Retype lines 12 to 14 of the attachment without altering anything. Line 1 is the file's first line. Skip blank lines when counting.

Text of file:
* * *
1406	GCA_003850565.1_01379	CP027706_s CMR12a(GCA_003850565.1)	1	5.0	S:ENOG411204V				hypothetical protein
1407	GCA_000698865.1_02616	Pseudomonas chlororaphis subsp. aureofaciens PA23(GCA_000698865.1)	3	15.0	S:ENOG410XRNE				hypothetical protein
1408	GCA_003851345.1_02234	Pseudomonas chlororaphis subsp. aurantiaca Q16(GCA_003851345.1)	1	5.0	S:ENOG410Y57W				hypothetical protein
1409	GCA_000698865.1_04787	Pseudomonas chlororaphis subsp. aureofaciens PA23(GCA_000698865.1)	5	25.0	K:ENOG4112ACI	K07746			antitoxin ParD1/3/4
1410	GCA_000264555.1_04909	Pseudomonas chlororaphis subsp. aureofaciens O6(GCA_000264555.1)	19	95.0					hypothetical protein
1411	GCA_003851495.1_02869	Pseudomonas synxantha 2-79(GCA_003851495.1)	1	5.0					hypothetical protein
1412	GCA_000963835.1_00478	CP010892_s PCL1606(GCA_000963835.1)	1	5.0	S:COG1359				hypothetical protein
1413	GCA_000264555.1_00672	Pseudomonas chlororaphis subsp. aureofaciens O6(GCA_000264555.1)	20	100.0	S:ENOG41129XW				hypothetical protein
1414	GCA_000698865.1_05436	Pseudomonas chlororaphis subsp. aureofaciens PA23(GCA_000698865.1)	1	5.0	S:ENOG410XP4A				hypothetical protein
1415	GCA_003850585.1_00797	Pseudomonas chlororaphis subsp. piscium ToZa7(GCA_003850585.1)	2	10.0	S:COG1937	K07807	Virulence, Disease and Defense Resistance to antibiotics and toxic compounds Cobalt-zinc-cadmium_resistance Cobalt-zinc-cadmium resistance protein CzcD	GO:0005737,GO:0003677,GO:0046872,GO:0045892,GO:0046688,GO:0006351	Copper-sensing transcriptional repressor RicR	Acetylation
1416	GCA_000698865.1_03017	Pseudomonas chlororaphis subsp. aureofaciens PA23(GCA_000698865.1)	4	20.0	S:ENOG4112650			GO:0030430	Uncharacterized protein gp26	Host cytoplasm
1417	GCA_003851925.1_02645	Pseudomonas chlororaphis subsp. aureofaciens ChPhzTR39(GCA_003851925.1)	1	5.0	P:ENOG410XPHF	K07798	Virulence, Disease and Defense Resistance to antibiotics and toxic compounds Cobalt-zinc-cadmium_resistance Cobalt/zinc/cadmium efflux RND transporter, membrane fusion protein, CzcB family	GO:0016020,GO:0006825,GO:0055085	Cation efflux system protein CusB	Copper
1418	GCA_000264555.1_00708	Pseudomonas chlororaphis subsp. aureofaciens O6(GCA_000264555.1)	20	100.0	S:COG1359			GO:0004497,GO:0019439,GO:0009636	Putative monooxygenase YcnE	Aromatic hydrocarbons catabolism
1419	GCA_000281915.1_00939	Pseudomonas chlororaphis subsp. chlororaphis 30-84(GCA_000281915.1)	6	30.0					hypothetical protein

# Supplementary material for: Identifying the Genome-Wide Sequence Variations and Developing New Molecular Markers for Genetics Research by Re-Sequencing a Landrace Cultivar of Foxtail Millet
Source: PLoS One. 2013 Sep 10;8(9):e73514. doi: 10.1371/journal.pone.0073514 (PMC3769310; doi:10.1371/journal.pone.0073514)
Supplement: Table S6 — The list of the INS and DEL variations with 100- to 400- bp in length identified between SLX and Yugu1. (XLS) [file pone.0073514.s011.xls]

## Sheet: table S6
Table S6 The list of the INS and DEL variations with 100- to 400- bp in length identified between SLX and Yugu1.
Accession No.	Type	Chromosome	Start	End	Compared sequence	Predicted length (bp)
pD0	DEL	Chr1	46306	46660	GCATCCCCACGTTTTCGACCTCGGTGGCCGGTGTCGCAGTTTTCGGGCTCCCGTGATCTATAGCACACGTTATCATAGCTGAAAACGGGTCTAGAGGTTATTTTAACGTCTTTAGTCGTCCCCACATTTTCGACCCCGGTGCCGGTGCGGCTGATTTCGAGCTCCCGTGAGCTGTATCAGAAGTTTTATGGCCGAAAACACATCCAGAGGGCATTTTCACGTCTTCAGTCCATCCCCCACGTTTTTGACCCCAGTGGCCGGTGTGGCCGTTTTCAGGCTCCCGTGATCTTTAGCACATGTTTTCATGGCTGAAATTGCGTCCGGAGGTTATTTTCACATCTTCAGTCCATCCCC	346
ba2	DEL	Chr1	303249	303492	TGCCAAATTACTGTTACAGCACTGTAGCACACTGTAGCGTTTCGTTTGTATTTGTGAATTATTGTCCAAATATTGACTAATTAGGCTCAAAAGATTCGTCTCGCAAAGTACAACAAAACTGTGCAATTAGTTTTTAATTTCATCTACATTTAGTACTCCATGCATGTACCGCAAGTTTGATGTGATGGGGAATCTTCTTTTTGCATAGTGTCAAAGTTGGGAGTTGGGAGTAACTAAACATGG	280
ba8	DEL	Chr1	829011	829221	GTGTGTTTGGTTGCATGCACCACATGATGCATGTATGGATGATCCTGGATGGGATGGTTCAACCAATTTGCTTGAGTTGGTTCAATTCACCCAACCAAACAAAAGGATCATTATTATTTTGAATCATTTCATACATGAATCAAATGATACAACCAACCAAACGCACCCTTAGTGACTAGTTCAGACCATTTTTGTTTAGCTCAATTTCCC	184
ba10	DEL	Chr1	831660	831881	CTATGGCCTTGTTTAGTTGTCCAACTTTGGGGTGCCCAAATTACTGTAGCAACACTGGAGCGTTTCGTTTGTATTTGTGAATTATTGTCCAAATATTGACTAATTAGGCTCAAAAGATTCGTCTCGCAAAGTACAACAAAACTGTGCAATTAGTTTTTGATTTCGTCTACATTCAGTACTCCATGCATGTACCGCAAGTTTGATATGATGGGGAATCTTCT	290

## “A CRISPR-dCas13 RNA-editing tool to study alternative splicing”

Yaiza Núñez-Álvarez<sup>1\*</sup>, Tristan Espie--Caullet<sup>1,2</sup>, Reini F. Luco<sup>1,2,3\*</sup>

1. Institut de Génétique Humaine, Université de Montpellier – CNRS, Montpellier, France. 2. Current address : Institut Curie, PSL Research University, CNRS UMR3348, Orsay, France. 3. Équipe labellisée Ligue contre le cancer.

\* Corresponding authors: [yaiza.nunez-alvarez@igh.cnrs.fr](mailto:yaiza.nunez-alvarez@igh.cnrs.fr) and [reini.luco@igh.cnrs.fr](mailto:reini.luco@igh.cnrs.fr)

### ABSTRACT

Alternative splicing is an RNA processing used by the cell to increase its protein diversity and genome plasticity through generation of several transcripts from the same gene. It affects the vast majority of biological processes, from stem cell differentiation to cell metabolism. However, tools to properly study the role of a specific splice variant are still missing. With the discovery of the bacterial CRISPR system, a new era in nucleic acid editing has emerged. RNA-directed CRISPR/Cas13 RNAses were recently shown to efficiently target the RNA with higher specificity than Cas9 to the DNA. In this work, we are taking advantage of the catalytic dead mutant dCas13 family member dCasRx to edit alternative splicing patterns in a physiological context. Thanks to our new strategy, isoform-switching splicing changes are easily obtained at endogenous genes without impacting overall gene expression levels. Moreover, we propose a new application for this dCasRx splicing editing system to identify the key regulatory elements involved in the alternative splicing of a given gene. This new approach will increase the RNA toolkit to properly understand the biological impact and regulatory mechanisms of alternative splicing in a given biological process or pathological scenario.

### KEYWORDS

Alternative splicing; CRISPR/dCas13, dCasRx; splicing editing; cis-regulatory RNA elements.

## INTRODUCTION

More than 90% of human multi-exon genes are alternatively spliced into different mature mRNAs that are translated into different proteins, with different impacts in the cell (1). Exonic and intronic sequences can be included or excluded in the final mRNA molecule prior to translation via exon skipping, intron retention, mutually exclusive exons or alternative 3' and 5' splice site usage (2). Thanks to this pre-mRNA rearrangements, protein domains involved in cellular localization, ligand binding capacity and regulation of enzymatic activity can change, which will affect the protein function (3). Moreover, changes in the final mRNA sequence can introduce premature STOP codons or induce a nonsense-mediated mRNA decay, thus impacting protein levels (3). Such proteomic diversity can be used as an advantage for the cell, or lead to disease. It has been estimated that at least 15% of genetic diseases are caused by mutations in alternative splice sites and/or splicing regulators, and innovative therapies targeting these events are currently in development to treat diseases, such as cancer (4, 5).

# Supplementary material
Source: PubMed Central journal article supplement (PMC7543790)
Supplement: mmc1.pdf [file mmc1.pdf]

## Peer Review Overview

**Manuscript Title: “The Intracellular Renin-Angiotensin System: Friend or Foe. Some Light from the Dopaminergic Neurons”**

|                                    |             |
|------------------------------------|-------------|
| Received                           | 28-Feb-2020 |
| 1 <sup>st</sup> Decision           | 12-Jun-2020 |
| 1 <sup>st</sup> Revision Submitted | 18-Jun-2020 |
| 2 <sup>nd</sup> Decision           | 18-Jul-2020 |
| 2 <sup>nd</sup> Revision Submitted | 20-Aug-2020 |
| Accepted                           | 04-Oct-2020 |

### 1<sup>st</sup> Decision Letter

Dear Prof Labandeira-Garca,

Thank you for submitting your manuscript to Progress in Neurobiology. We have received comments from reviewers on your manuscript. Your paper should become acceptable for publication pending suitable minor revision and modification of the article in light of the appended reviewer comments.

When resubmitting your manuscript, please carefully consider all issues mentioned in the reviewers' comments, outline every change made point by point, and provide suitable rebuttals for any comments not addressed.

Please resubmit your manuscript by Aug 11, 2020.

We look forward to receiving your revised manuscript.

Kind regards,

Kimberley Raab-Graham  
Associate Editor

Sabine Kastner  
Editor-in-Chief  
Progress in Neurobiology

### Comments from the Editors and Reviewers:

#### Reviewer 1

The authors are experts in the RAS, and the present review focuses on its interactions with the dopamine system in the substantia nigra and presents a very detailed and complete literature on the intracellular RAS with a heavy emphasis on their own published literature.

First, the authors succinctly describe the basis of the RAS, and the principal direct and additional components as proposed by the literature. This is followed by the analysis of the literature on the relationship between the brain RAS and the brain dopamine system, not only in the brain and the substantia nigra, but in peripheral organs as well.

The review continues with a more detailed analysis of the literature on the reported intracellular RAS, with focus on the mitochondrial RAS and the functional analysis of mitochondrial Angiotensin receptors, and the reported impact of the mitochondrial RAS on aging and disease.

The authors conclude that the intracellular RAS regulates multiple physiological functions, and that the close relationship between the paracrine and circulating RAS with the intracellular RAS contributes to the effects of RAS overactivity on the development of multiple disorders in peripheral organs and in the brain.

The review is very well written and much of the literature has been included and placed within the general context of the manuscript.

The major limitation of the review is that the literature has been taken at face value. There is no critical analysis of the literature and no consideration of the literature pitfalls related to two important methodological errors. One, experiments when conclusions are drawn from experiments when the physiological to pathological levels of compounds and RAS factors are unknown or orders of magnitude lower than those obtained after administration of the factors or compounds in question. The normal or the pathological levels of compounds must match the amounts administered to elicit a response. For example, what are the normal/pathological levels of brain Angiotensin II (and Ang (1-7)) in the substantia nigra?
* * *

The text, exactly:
1417	GCA_003851925.1_02645	Pseudomonas chlororaphis subsp. aureofaciens ChPhzTR39(GCA_003851925.1)	1	5.0	P:ENOG410XPHF	K07798	Virulence, Disease and Defense Resistance to antibiotics and toxic compounds Cobalt-zinc-cadmium_resistance Cobalt/zinc/cadmium efflux RND transporter, membrane fusion protein, CzcB family	GO:0016020,GO:0006825,GO:0055085	Cation efflux system protein CusB	Copper
1418	GCA_000264555.1_00708	Pseudomonas chlororaphis subsp. aureofaciens O6(GCA_000264555.1)	20	100.0	S:COG1359			GO:0004497,GO:0019439,GO:0009636	Putative monooxygenase YcnE	Aromatic hydrocarbons catabolism
1419	GCA_000281915.1_00939	Pseudomonas chlororaphis subsp. chlororaphis 30-84(GCA_000281915.1)	6	30.0					hypothetical protein